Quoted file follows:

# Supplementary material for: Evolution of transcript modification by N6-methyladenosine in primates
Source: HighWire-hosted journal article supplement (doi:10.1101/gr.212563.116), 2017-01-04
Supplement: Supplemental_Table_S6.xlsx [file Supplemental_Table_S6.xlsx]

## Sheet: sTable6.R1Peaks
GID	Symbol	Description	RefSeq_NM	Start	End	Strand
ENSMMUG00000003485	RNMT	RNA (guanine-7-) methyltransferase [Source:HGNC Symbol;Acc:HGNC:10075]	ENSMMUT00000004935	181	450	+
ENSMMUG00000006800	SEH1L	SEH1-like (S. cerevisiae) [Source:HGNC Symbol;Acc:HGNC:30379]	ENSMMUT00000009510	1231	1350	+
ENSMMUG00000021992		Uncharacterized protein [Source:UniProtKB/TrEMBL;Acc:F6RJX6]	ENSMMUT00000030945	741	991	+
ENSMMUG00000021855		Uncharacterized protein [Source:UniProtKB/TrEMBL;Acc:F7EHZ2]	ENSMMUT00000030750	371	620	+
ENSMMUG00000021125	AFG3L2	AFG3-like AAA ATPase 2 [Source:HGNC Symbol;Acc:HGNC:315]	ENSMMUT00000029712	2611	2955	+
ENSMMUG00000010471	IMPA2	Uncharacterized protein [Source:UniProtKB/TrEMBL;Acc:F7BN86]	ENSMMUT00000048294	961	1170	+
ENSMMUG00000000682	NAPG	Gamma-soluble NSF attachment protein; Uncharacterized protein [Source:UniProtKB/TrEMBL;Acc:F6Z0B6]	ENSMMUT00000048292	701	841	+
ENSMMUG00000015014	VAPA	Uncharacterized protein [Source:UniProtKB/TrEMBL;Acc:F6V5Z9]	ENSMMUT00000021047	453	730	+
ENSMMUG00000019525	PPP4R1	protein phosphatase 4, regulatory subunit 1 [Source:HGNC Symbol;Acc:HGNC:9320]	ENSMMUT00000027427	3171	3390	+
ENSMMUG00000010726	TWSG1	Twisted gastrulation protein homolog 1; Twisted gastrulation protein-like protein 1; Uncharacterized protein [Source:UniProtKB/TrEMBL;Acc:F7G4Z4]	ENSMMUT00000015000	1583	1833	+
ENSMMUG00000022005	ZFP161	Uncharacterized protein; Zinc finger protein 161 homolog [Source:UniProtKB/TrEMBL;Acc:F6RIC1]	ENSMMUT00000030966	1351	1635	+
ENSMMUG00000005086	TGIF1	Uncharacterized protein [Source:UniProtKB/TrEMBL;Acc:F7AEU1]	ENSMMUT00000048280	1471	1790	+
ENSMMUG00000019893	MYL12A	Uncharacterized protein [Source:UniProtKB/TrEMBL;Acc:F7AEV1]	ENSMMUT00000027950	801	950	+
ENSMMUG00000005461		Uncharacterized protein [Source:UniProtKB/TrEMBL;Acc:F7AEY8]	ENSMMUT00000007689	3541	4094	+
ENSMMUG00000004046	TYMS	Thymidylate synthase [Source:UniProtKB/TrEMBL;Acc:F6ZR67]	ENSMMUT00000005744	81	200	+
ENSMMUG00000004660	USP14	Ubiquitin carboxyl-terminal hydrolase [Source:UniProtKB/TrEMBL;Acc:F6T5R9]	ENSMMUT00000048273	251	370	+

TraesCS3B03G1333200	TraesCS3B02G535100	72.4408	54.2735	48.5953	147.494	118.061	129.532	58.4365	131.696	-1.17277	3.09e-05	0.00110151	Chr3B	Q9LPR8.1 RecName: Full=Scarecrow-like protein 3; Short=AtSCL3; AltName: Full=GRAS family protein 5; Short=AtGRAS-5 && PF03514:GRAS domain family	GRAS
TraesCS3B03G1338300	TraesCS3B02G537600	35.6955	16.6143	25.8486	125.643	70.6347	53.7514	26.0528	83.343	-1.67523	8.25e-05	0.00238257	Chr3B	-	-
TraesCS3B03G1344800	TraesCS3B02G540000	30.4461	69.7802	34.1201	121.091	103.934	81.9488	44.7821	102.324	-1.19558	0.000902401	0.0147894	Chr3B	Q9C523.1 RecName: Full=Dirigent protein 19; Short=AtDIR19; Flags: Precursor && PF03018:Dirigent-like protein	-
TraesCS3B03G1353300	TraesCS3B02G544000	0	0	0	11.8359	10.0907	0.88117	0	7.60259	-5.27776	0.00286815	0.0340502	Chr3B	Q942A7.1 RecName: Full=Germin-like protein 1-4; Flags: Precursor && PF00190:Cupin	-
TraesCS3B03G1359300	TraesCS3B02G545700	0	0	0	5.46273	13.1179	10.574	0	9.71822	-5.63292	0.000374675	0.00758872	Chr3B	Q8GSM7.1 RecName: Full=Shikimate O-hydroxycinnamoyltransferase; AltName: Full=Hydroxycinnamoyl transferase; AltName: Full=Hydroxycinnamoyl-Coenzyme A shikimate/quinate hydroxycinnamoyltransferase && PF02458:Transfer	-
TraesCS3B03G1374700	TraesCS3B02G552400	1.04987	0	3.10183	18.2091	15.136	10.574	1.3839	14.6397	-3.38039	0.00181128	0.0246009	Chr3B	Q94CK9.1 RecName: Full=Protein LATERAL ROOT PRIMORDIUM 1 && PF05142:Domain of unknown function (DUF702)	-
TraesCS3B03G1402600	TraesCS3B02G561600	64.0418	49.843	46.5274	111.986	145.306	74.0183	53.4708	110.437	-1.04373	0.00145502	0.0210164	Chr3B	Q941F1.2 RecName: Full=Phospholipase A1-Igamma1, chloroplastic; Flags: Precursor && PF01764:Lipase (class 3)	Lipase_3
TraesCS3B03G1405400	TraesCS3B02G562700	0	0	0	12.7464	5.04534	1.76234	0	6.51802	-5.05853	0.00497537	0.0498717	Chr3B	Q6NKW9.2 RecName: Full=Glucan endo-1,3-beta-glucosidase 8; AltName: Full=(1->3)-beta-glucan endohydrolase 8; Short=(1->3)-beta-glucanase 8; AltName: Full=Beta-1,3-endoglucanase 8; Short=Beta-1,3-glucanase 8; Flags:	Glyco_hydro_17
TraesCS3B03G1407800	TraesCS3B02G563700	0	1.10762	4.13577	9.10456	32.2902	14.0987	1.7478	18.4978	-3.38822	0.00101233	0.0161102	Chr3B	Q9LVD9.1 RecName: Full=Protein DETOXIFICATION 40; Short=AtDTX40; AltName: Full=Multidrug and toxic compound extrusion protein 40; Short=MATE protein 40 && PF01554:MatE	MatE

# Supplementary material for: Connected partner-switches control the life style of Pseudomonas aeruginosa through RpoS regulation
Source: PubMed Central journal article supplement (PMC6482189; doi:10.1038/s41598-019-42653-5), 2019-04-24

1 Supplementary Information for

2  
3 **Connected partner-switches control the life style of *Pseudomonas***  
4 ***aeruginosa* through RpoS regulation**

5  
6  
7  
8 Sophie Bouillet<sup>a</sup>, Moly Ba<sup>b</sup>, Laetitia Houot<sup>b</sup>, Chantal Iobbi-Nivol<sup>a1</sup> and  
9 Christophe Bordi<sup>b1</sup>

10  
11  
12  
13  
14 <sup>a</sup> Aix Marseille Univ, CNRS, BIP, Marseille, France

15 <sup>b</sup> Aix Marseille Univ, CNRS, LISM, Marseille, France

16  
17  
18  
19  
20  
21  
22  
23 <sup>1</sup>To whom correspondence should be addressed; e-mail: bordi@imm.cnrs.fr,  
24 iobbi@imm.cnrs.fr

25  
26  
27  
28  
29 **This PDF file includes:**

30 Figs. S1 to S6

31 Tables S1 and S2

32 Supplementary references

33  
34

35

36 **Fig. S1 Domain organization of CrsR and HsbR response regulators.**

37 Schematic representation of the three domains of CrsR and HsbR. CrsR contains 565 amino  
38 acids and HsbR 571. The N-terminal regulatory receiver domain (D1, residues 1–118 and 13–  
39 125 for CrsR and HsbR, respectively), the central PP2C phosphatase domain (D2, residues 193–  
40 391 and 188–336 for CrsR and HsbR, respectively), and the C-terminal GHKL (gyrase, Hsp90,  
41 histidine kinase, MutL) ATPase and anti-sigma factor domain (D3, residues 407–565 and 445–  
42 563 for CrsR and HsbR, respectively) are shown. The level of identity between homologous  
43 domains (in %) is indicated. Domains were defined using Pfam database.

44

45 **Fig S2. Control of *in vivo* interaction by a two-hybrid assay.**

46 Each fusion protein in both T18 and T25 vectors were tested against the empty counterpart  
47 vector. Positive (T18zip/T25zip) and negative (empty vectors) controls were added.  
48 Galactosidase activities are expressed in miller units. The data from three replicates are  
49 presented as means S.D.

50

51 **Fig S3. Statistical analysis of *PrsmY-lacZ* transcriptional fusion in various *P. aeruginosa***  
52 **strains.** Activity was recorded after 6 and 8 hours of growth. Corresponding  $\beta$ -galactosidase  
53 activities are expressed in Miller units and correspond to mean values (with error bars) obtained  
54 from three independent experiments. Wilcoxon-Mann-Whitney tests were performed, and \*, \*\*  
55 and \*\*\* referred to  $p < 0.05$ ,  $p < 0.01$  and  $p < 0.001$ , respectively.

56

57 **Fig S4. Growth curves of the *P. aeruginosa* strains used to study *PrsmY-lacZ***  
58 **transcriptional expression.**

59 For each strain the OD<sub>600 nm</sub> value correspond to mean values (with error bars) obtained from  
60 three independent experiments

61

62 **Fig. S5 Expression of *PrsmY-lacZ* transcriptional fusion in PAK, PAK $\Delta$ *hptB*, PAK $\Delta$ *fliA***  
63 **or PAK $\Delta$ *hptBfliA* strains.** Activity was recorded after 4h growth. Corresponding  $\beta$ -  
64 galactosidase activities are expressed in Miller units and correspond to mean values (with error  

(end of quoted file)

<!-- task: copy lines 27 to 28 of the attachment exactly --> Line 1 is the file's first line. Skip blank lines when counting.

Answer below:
TraesCS3B03G1374700	TraesCS3B02G552400	1.04987	0	3.10183	18.2091	15.136	10.574	1.3839	14.6397	-3.38039	0.00181128	0.0246009	Chr3B	Q94CK9.1 RecName: Full=Protein LATERAL ROOT PRIMORDIUM 1 && PF05142:Domain of unknown function (DUF702)	-
TraesCS3B03G1402600	TraesCS3B02G561600	64.0418	49.843	46.5274	111.986	145.306	74.0183	53.4708	110.437	-1.04373	0.00145502	0.0210164	Chr3B	Q941F1.2 RecName: Full=Phospholipase A1-Igamma1, chloroplastic; Flags: Precursor && PF01764:Lipase (class 3)	Lipase_3